CIA – Quick Guide

September 9, 2016 | Views: 6112

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A colleague – who is quite “techie”, had no idea what CIA meant. People may laugh at this, but to be honest until a few years ago I was the same. It is easy, as say a desktop support guy, to concentrate on your job and not look at data risk, techies like techie stuff, and information security and data retention policies bore them to death.

The principles of CIA are logical and common sense, but put someone on the spot “What is CIA?” then they have not got a clue.

So many people will say “I know what CIA is”, and may feel this post is pointless, but just because you know it, doesn’t mean everyone does. My colleague is a pretty smart guy, but reading up on perhaps the more “boring” side of data security for a techie, wasn’t high on his list.

Here’s the kicker, if you go for a security job, if you are asked about CIA in an interview and have no idea what they are talking about, you are not going to get the job. You can’t work in IT Security and not know what CIA means. Not knowing CIA in an interview is a BIG school boy error.

Below is what I sent him as an email. Relating it to yourself helps you understand it, so hopefully people who have heard of CIA but not paid too much attention to it, can read this and “get it”.

cia-circle

CIA (Confidential, Integrity, Availability) is a big thing in Information Security. Whenever you are assessing an incident, you’ll need to think about which of these elements has been compromised.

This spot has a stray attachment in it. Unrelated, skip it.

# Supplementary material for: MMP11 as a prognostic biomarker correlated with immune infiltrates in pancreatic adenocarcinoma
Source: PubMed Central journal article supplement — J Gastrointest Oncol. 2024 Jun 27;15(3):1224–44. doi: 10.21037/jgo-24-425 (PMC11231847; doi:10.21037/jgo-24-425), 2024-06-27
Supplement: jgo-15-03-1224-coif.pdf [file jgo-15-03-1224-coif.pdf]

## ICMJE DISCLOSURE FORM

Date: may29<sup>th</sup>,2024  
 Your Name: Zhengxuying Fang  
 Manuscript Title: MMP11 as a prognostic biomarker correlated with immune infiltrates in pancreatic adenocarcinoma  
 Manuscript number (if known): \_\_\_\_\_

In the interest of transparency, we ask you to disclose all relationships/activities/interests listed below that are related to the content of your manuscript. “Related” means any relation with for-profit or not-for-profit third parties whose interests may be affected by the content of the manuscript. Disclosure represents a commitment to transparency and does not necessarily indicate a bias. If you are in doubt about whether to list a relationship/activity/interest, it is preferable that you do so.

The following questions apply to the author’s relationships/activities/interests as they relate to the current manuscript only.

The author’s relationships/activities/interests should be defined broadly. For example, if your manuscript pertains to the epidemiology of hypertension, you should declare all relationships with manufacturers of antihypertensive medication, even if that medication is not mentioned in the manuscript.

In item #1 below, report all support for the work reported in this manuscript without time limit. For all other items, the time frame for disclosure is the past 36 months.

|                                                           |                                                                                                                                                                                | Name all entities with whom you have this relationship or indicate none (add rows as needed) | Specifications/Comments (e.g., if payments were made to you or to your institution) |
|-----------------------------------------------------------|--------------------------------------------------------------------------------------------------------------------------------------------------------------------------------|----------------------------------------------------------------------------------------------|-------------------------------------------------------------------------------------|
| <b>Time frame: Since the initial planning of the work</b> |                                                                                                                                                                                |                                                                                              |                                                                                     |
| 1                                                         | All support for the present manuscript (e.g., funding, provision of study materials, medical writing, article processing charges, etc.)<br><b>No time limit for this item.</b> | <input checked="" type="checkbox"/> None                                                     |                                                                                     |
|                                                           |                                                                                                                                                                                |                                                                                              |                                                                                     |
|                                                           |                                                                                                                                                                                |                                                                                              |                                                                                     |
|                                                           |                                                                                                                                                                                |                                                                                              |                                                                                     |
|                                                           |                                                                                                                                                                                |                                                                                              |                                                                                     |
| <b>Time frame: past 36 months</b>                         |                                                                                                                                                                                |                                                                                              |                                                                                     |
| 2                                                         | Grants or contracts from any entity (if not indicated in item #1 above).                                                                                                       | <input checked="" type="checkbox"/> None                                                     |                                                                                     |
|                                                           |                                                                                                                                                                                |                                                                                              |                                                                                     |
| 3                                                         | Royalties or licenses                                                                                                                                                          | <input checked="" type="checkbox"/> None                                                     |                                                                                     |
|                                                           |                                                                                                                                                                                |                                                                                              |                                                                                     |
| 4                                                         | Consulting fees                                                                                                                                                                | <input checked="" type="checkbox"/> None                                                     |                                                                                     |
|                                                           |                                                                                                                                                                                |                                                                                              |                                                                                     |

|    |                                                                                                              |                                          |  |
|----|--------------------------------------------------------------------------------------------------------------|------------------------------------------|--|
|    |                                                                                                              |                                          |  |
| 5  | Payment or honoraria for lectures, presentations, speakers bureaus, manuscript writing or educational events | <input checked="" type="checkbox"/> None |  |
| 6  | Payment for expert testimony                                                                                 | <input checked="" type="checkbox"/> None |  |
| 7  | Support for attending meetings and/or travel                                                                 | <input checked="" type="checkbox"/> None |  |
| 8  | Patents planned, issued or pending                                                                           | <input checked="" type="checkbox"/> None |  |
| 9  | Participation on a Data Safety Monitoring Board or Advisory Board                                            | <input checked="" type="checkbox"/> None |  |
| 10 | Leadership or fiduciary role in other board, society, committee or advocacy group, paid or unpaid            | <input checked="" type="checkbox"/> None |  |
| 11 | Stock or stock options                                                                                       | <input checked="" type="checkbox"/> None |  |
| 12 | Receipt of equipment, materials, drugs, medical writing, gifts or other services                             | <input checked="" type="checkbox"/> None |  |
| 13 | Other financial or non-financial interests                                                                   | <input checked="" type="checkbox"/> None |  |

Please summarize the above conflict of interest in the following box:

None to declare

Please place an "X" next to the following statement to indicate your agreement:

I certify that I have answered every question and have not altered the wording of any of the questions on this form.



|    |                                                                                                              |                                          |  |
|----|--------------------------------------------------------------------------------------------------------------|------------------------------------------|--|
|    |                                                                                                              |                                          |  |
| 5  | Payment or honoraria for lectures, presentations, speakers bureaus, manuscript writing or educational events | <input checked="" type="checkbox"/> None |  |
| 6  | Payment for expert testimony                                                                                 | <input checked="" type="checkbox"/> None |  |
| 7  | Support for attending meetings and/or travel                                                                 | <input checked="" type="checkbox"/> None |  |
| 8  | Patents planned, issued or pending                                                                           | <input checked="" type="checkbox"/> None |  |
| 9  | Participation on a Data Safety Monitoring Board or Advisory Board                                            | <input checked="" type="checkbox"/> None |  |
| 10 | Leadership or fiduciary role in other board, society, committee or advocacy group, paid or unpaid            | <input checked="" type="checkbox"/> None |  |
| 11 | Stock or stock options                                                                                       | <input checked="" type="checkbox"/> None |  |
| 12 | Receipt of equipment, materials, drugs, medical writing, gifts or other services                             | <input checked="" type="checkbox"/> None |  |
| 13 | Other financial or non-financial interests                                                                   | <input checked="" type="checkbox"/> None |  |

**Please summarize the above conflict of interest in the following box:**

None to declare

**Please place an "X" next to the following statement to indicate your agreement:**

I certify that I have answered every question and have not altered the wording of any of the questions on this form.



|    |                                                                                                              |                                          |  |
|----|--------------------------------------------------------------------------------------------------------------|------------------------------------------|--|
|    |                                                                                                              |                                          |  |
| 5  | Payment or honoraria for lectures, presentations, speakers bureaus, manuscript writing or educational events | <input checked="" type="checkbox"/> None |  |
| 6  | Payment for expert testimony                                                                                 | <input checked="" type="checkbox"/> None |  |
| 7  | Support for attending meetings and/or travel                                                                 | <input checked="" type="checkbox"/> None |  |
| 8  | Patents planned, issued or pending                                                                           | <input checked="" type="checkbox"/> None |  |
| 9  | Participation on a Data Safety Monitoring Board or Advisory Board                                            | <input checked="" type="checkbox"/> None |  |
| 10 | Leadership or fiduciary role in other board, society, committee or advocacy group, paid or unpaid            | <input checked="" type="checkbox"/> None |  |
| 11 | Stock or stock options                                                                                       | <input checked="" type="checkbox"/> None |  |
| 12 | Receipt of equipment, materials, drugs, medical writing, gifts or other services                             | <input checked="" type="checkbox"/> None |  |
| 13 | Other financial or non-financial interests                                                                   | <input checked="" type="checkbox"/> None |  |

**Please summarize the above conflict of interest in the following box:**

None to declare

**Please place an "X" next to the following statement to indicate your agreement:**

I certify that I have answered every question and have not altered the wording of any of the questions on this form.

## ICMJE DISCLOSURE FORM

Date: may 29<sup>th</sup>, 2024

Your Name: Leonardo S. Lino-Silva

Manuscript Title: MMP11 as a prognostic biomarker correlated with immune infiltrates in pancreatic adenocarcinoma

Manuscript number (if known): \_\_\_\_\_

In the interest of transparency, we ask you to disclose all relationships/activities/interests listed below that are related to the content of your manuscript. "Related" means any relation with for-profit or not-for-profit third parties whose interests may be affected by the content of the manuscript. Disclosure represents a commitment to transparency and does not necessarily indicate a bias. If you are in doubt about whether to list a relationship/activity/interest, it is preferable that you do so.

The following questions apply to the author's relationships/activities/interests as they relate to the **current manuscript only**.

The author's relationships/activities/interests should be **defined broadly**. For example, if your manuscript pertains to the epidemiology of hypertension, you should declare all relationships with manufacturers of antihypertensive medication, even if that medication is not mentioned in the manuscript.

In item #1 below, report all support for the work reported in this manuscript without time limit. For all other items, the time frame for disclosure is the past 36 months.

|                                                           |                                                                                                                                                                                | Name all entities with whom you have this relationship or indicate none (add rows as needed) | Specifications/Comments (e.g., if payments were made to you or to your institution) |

A lot of “human error” I encounter is preventable, it is about people being lazy and taking shortcuts, or simply not relating the work they do (and the care they need to show), to how it could affect a real person.

If you apply things to your viewpoint or your children, then suddenly surprise-surprise the penny drops and people get it.

In assessing if there has been a data breach, you can apply CIA to it eg.

Relating CIA to real life – against yourself as an individual;

Medical records are confidential – should only be accessed by the people that need access – eg. medical staff, Doctors; records accessed by unauthorised people can cause distress

Medical records should have integrity – should be accurate, your health/life could depend on it

Medical records should be available – if not available, the ability to provide the right care could put your health/life at risk

Bottom line – your health and well-being is at risk. If your health and well-being or that of your child is important – so is the health and well-being for other people. Relate a situation to yourself, then flip and translate it to another person.

The key thing that needs getting across to end users, especially about risk is relating it to themselves. Once they understand that side, they can relate it better to other people and situations.

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Thanks for reading. If you like it and would like more posts like this, let me know in the comments!

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3 Comments
  1. I WANT MORE!!!!!!

  2. Good explanation

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